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Admiral Sir Sidney Smith born.

Thursday, 21 June 1764

Sir Sidney Smith 1764-1840 

The names of Nelson, Trafalgar and HMS Victory are all very familiar and have to a certain extent eclipsed other great men, battles and ships of the great Naval War with Napoleonic Europe. In the next ten articles I want to write about these lesser known aspects.  

Amongst many names, that of Sidney Smith stands out.  Born in 1764, he joined the Navy as midshipman in 1777 aged just thirteen. He was lucky, being in the right place at the right time, for Admiral Rodney noticed him at the battles of Cape Saint Vincent and The Saintes and promoted him to post-captain at the age of 18, this being well below the minimum age for that post. His first command was the Sloop Fury but was soon put ashore on half pay. 

Rather than facing life on half-pay he travelled to Sweden as Naval advisor during their war with Russia. Here he helped secure victory at the battle of Svendskund, for this he was given the Swedish Order of the Sword and a knighthood. This decoration was recognised by King George III but earned Smith the name ‘The Swedish Knight’ by his detractors. 

Once war broke out in 1793 Smith volunteered to lead a raid at Toulon where a French Fleet was at anchor. The attack managed to sink or capture about a quarter of the sixty vessels in the port and managed to keep Smith’s name recognised as being a bold and fearless leader. In 1793 as Captain of the fifth rate frigate Diamond he sailed under French colours into the harbour approaches at Brest and seized and garrisoned two small offshore islands. During an attempt to cut out a French privateer he was captured. Instead of being exchanged Smith was sent to the Temple Prison in Paris. Due to the fact that Smith had been on half pay at the time of the Toulon raid, the French did not regard him as a true combatant and he was charged with arson. A trial never took place and eventually after two years in custody he escaped with help of Royalist sympathisers and arrived back in London in 1798. 

The following year he was promoted to Commodore and given a squadron to harass the French shipping that was supplying Napoleon in Egypt. He also carried diplomatic orders to Istanbul where his brother was Minister Plenipotentiary to the Sublime Porte as the Sultan’s court was known. This mission was to strengthen Turkish opposition to Napoleon and help them to destroy the French Army there. 

Smith sailed onto Acre and there reinforced the garrison with cannon and marines, also denying the French the use of the coastal road to support their troops. The siege carried on however and repeated French assaults were driven back, even when the walls of the town were breached the French were beaten back by the defending forces helped by HMS Theseus and Smith on HMS Tigre.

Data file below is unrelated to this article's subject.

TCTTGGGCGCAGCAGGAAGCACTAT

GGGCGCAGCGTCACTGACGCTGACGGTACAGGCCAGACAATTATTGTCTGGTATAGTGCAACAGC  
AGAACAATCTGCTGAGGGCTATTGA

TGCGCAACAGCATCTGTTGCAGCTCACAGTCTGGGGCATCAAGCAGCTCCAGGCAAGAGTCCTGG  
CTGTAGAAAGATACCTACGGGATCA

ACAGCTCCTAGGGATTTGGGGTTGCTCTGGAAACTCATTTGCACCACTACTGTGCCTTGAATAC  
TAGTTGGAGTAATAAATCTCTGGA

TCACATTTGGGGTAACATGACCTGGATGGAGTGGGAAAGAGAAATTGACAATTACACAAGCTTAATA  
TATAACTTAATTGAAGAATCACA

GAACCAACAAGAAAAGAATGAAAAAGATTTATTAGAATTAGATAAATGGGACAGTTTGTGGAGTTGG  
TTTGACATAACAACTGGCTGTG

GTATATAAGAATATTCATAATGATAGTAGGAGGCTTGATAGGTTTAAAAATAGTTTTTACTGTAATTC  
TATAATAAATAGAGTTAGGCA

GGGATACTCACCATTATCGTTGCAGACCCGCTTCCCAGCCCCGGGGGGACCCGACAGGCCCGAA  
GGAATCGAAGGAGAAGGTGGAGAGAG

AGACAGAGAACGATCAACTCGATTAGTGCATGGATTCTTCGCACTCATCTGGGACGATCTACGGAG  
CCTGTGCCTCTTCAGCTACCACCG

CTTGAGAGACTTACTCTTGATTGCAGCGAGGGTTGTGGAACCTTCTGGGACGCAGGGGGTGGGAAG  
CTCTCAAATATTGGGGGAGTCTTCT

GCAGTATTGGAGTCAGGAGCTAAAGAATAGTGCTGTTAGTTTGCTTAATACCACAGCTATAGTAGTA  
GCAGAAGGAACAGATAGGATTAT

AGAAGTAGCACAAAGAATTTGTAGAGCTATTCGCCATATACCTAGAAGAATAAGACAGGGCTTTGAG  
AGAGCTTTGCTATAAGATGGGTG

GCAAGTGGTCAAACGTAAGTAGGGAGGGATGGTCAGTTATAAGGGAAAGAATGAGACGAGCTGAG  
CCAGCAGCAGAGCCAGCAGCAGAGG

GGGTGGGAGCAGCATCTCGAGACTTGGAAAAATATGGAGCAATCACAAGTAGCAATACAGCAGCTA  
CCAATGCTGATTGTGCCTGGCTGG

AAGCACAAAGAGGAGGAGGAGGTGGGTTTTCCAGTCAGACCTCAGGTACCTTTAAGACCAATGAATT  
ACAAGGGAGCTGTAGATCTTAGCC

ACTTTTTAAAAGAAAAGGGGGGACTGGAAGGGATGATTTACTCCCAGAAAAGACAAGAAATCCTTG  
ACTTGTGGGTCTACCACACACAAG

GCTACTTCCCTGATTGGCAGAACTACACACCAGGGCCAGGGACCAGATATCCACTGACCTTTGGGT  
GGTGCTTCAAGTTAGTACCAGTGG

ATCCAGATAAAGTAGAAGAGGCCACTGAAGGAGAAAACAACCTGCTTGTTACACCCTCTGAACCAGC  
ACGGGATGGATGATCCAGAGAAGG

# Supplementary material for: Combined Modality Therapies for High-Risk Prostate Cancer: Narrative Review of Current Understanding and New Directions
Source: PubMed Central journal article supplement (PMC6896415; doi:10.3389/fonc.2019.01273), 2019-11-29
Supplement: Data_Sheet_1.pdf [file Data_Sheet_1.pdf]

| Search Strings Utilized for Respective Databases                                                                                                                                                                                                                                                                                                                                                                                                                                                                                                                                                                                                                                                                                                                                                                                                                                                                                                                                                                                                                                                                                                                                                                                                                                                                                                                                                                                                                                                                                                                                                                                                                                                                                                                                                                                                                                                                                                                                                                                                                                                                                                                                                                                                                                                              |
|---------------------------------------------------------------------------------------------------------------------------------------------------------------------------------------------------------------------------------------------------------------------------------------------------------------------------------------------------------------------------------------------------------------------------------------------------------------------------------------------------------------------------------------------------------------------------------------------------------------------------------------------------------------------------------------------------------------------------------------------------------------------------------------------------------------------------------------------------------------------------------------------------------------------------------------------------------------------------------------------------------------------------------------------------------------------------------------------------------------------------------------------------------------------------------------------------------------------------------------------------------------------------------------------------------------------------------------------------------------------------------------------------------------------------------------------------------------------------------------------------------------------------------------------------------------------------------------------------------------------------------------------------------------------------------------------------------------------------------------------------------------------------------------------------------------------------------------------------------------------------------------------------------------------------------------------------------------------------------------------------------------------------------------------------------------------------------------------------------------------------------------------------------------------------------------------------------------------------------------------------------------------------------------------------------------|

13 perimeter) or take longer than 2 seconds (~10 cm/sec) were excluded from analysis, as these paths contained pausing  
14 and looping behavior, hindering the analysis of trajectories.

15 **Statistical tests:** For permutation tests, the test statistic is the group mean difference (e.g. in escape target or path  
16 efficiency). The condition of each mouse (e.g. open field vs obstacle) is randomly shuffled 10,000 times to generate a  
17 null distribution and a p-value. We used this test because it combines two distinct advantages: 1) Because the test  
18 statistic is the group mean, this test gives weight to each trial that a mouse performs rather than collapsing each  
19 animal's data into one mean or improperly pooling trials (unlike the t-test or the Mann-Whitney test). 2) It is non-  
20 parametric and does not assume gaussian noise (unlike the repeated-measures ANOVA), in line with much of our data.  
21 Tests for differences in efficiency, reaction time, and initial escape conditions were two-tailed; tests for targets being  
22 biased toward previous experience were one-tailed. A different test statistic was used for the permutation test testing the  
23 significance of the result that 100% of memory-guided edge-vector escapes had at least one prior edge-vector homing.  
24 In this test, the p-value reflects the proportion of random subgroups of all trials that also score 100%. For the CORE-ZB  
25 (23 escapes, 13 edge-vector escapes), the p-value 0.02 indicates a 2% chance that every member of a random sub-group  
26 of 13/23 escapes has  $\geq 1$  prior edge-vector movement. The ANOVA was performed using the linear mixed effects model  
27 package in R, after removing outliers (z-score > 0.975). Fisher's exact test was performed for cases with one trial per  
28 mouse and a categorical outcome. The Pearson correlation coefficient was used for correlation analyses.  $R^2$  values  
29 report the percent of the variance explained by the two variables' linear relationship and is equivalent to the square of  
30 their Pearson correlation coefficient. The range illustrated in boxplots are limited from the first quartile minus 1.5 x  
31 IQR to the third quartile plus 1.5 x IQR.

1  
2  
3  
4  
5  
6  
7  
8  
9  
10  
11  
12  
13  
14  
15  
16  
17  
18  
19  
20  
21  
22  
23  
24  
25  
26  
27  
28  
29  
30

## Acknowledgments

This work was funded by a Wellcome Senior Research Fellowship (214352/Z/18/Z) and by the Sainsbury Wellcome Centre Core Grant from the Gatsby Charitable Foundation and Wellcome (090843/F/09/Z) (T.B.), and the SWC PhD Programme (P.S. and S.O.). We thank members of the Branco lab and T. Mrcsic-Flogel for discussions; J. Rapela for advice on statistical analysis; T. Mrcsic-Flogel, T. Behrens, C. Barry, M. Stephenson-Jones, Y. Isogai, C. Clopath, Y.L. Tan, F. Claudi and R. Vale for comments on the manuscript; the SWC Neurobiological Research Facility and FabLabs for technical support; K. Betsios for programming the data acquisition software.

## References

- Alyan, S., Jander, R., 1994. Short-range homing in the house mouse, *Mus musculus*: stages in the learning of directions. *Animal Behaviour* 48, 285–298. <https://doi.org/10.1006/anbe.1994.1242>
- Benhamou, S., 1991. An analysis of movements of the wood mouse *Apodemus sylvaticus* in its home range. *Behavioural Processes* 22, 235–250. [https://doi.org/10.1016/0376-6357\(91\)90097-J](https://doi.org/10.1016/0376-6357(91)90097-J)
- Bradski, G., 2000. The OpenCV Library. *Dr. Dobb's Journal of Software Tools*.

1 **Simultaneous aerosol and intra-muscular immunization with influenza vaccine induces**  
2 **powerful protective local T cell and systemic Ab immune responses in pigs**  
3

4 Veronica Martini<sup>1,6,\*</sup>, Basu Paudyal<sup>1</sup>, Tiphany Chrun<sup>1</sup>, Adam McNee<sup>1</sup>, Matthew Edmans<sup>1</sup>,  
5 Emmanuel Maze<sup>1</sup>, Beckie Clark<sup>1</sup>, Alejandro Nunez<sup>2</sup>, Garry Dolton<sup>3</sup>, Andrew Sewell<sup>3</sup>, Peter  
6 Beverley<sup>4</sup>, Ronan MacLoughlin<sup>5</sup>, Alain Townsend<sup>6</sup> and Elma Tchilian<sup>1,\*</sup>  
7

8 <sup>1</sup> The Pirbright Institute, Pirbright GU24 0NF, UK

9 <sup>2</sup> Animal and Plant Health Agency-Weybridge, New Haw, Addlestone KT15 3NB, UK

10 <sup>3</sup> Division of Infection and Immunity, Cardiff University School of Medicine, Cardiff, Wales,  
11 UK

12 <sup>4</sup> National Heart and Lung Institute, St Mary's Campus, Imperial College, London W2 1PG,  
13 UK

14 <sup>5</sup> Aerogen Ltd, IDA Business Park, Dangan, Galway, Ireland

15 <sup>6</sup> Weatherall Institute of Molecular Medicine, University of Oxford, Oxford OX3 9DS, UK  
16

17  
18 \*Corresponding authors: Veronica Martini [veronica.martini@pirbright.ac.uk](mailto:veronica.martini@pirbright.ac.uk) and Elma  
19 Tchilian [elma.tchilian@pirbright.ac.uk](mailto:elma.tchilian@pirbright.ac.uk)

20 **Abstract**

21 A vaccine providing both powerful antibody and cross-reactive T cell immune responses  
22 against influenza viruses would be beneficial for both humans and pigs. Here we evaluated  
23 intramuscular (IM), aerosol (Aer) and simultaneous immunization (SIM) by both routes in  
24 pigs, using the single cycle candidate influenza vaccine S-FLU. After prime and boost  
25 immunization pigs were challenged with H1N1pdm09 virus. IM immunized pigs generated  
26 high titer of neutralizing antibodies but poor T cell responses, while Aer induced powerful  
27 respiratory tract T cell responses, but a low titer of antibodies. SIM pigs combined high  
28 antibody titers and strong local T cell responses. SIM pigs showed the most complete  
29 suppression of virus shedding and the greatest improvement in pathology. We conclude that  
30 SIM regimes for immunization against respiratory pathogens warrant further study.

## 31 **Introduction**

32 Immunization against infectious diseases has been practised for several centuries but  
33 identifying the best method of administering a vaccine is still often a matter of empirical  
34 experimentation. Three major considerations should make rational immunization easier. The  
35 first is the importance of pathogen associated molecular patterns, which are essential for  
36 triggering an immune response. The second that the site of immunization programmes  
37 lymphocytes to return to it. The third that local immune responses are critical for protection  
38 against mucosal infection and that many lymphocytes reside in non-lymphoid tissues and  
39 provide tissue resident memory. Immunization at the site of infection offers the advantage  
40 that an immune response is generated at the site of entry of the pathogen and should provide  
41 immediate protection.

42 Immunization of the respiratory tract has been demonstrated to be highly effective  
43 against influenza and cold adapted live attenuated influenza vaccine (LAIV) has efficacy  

Napoleon had by then made up his mind to leave Egypt and pulled back. Smith went ashore and made a treaty with general Kebler who commanded the remaining French forces; this however was abrogated by the British Government after Nelson, who wanted the French completely annihilated, made his views known. 

Smith returned to Britain and honours in 1801 but was again overshadowed by Nelson’s victory at Copenhagen. He was elected as MP for Rochester in Kent in 1802. There is evidence that he then had an affair with the notorious Princess Caroline of Brunswick, the estrange wife of the Prince of Wales. She became pregnant at this time and a scandal arose but as she had been carrying on affairs with others such as George Canning there was no proof of paternity. 

When war resumed again in 1803 Smith had developed theories concerning the use of mines, torpedoes and Congreve rockets and wanted to use such methods against the combined enemy fleets in their harbours. These ideas never took shape as the Battle of Trafalgar destroyed any such enemy fleet being a threat to Britain.

Admiral Collingwood, who took Nelson’s place, promoted Smith to rear admiral and again Smith was sent to the Mediterranean, this time to help King Ferdinand of the Two Sicilys regain his throne from Joseph, Napoleon’s brother. Using a combined force Smith marched against a large French force and defeated them at the battle of Maida on July 4th 1806. His inability to get on with superiors and other officers brought about his replacement however, and he was sent under Sir John Duckworth to  Constantinople  to negotiate with the Turks against French influence. Duckworth was unheeding of Smith’s advice, which lead to the breakdown of talks and an ignominious retreat down through the Dardenelles. 

Although being honoured in England and getting promoted again to Vice Admiral the Government remained suspicious of him.  However he was given the task of escorting the Portuguese royal family to Brazil and given the Order of the Tower and Sword for diplomatic services.